20 years Leo Smit Foundation
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Sunday concerts in the Stadsarchief (City Archives)


This summer 2015 the Leo Smit Foundation is organising a series of free concerts together with the Amsterdam City Archives. The concerts go hand in hand with the exhibition of Wartime Composers in the main entrance of the building called De Bazel, Vijzelstraat 32, Amsterdam. There will be a short talk to introduce each of the concerts. The exhibition is open 5 June - 23 August during the office hours of the Stadsarchief.


 

Sunday 7 June 2015 - 10.45 am

Master and student

Leo Smit
Music by Leo Smit, Dick Kattenburg, Marius Flothuis and Rosy Wertheim.

Dick Kattenburg graduated as violinist and composer just before the outbreak of the Second World War. He approached Leo Smit for further study in orchestration. When Dick Kattenburg went underground and Leo Smit was forced to move into the Jewish ghetto the lessons continued just the same by secret correspondence.

Programme
Dick Kattenburg - Flute Sonata (1937)
Rosy Wertheim - Trois Morceaux for flute and piano (1939)
Daniël Belinfante - Sonatina for Piano no. 3
Marius Flothuis - Sonata da Camera opus 17 (1943)
Dick Kattenburg - Pièce (1939)
Leo Smit - Lento from Flute Sonata (1943)

Eleonore Pameijer - flute
Marcel Worms - piano



 

Sunday 21 June - 10.45 am

Resistance and deportation

Lex van Delden
Music by Theo Smit Sibinga, Lex van Delden, Marius Flothuis and Hendrik Andriessen.

Lex van Delden’s name prior to the Second World War was Alexander Zwaap. His work for the Resistance made a cover name necessary. After the war he officially changed his name to Lex van Delden. During the war he provided false identity papers. He lost an eye when an acetylene lamp exploded in his face but he always managed to dodge the occupying enemy. Marius Flothuis gave shelter to Jews going into hiding and organised illegal house concerts. On 18 september 1943 he was betrayed and arrested. He continued to compose while he was in Vught concentration camp and later in Sachsenhausen. He took his music with him on the notorious death marches. Flothuis survived the war and tried to pick up his life again in Amsterdam.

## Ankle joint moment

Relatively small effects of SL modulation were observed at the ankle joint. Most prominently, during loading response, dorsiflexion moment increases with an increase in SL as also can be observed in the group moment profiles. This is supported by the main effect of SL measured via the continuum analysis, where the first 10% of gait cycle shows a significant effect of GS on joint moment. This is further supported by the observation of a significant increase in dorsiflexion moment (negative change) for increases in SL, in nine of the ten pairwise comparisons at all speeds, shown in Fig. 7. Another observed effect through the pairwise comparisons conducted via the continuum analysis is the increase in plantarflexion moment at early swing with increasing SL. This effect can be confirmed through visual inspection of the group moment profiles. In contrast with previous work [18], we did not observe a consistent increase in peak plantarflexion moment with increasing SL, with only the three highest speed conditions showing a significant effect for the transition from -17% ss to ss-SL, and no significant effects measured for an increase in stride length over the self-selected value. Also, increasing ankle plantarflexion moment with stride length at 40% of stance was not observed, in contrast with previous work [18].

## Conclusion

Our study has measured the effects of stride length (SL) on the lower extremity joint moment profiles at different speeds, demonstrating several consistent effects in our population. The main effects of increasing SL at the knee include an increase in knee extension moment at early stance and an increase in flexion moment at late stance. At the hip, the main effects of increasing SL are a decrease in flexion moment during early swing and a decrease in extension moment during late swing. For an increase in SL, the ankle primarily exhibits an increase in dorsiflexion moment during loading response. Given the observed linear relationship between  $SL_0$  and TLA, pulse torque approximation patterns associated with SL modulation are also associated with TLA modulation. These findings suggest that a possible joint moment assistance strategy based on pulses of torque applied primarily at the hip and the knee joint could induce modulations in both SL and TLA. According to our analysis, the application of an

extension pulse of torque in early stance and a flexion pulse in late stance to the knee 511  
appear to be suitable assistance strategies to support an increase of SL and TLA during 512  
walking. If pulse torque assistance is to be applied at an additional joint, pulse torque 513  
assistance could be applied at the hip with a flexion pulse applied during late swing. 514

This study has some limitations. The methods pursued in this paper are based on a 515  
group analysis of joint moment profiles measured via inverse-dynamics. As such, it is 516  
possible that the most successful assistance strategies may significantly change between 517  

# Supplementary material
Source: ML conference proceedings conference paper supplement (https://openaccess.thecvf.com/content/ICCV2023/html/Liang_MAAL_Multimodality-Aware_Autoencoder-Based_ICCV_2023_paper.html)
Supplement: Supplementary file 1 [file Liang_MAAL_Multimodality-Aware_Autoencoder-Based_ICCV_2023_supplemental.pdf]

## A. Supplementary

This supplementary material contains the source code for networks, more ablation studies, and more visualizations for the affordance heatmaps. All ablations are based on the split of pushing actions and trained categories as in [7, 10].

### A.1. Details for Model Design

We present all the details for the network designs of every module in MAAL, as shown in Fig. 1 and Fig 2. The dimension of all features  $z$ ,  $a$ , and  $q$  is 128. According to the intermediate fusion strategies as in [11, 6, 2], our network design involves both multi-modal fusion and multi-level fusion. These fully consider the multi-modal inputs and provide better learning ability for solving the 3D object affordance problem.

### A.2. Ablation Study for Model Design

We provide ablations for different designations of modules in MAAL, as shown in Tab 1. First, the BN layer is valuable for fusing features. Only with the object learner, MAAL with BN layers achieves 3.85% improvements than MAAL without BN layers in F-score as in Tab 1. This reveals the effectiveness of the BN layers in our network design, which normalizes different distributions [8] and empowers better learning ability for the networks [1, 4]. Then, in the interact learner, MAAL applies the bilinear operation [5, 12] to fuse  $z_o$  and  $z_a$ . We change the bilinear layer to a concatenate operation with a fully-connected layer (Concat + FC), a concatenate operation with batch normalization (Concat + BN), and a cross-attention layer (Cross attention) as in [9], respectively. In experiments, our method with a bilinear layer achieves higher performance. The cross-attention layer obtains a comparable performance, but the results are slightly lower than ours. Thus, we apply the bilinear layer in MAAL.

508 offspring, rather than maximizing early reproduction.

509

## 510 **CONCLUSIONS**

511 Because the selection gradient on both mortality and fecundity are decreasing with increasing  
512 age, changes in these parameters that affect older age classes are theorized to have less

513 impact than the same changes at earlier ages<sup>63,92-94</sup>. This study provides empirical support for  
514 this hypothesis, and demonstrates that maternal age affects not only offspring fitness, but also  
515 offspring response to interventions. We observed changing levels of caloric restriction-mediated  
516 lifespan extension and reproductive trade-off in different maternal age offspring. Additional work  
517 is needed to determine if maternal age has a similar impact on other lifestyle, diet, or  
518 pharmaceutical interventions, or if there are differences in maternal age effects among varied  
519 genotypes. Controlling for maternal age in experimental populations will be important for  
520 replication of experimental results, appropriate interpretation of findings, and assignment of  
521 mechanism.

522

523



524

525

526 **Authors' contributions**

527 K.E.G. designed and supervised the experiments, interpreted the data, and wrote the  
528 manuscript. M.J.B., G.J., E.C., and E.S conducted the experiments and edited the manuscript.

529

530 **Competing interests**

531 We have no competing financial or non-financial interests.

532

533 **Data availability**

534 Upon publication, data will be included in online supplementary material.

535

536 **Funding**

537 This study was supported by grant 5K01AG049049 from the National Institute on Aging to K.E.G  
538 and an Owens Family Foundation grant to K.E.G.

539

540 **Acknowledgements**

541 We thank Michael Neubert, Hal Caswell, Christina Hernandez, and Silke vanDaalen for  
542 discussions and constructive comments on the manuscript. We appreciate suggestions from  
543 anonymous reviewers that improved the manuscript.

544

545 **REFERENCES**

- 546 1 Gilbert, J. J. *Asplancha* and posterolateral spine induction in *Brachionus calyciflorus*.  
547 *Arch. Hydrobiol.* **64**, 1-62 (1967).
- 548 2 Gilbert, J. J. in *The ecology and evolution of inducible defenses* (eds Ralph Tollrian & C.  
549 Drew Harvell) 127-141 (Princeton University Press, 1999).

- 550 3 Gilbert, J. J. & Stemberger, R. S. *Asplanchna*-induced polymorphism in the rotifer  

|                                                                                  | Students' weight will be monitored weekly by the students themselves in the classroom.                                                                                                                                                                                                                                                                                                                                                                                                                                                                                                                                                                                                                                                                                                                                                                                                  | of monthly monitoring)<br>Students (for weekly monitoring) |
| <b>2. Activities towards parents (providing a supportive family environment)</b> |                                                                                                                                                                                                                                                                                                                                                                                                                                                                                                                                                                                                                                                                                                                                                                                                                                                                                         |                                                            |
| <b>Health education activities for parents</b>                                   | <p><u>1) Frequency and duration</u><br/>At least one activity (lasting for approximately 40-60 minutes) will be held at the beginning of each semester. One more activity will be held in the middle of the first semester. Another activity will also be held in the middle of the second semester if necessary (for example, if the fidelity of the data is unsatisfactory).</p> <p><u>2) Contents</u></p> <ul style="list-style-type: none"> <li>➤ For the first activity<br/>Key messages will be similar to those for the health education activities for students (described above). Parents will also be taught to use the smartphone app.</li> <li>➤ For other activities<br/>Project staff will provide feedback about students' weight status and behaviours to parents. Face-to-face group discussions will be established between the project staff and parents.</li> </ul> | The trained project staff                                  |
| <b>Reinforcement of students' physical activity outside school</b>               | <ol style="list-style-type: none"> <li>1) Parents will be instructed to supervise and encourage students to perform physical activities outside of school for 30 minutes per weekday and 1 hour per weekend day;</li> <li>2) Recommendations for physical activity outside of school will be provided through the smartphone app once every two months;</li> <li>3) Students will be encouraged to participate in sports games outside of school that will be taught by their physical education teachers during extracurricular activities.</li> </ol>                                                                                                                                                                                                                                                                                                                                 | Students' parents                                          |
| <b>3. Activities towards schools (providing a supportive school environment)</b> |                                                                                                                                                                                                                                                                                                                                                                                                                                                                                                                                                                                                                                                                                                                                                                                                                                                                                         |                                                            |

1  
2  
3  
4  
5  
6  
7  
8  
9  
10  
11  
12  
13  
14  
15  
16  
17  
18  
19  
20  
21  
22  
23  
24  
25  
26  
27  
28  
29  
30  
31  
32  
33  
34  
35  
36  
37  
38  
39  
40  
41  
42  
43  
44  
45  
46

Programme
Theo Smit Sibinga - Trois Images (1954)
Lex van Delden - Duo per flauto ed arpa
Marius Flothuis - Pour le tombeau d'Orphée for harp solo
Marius Flothuis - Aubade for flute solo (1944)
Hendrik Andriessen - Intermezzo for flute and harp

Eleonore Pameijer - flute
Erika Waardenburg - harp



 

Sunday 5 July - 10.45 am

Choral glory

Rosy Wertheim
Music by Rosy Wertheim, Henriëtte Bosmans, Israël Olman, and Lex van Delden.

Rosy Wertheim came from a well-to-do family. Her grandfather was a banker and philanthropist. Rosy inherited not only musical talent but also the social concerns of her grandfather. She gave piano lessons to children from poverty stricken families and supported them financially. She founded and led a children’s choir in the Jewish quarter, ‘the worst little rascals' as she said herself! Israël Olman was just a year older than Rosy, but his parents were much less well off. Nevertheless he started music lessons very young and by the time he was sixteen he was conducting his first choir. Several other choirs followed in quick succession, for which Olman composed popular songs. For his 25th anniversary celebrations five full choirs sang to him in the Concertgebouw and hundreds of people turned up at his front door to sing in his honour!